On September 3, 2014, the juvenile court entered a judgment terminating the mother's parental rights and awarding DHR permanent custody of the child.[3] The juvenile court based its termination judgment on its findings that the mother's parental rights to the siblings had been involuntarily terminated, that the mother had " not ever cooperated" with DHR, that the mother was unemployed, that the mother resided in subsidized housing, and that the mother had failed to support the child. The juvenile court noted that the mother had visited the child and that she had completed a drug-treatment program, a domestic-violence-prevention program, and a series of parenting classes. On September 16, 2014, the mother filed a notice of appeal seeking this court's review of whether the juvenile court's judgment is supported by clear and convincing evidence.

" This court's standard of appellate review of judgments terminating parental rights is well settled. A juvenile court's factual findings, based on ore tenus evidence, in a judgment terminating parental rights are presumed to be correct and will not be disturbed unless they are plainly and palpably wrong. See, e.g., F.I. v. State Dep't of Human Res., 975 So.2d 969, 972

Page 874

(Ala.Civ.App. 2007). Under express direction from our supreme court, in termination-of-parental-rights cases this court is 'required to apply a presumption of correctness to the trial court's finding[s]' when the trial court bases its decision on conflicting ore tenus evidence. Ex parte State Dep't of Human Res., 834 So.2d 117, 122 (Ala. 2002) (emphasis added). Additionally, we will reverse a juvenile court's judgment terminating parental rights only if the record shows that the judgment is not supported by clear and convincing evidence. F.I., 975 So.2d at 972."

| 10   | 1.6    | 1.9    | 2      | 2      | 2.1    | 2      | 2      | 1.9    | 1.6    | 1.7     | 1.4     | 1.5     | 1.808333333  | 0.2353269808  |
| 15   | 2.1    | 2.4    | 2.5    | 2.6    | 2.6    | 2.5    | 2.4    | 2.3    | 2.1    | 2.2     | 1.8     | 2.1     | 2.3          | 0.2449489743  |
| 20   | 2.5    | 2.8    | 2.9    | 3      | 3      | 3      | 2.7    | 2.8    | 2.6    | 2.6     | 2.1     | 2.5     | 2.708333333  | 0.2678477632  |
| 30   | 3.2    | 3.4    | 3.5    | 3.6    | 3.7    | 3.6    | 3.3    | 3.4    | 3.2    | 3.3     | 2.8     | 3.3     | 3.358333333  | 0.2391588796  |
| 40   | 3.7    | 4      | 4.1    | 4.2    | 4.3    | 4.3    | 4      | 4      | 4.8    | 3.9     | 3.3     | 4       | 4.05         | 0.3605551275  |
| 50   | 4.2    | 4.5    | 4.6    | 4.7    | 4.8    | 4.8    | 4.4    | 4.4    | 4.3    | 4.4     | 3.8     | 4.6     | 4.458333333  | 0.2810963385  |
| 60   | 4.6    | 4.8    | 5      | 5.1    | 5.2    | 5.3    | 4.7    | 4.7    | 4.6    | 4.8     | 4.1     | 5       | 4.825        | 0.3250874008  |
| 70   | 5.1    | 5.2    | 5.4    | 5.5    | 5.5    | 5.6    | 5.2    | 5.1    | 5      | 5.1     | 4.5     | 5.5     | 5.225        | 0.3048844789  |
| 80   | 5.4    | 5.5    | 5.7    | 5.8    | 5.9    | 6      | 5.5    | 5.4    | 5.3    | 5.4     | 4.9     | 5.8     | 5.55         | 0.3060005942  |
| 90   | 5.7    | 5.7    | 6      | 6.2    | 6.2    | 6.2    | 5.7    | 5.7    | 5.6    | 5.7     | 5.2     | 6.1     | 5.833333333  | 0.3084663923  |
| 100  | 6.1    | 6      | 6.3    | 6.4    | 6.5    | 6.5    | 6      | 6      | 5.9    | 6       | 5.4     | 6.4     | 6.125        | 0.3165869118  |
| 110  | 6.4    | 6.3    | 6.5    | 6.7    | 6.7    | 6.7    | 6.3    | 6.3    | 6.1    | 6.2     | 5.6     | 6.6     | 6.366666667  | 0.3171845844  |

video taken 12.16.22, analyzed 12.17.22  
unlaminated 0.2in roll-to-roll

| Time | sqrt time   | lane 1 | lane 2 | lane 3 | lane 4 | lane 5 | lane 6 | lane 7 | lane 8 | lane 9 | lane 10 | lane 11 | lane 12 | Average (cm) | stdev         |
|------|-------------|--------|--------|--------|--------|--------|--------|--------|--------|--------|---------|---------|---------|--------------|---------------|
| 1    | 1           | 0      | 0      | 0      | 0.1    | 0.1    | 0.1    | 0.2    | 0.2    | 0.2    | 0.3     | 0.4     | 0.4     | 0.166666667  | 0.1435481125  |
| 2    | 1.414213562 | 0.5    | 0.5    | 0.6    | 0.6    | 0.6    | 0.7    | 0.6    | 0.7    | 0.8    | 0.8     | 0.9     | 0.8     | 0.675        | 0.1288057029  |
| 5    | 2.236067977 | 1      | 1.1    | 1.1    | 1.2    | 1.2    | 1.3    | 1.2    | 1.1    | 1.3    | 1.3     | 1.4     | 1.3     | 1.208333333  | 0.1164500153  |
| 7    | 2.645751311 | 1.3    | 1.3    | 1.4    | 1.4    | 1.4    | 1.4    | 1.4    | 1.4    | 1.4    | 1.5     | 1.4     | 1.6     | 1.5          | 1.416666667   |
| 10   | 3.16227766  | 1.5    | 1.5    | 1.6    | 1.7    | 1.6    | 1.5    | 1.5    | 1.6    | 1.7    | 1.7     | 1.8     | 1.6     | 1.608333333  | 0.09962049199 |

J.C. v. State Dep't of Human Res., 986 So.2d 1172, 1183 (Ala.Civ.App. 2007) (footnote omitted). A juvenile court may terminate parental rights only when the evidence presented is " clear and convincing evidence, competent, material, and relevant in nature." § 12-15-319(a), Ala. Code 1975.

         The termination-of-parental-rights trial was held on July 10, 2014, and on August 21, 2014. Before the testimony began on the first day of the trial, the mother's attorney requested a continuance because, she argued, that same morning the mother had informed her for the first time that she had successfully completed a substance-abuse program. The mother's attorney stated that she had telephoned Kiwanna Morris, an employee of the Aletheia House, who had confirmed the mother's claim, and Morris additionally reported to the mother's attorney that she had the records of the mother's series of negative drug screens and the results of the mother's psychological evaluation. The attorney for DHR opposed the continuance, and the juvenile court declined to continue the trial, but it recommended requesting that Morris make documentation available to the court. However, at the close of the first day of the trial, the juvenile-court judge stopped the trial and stated orally: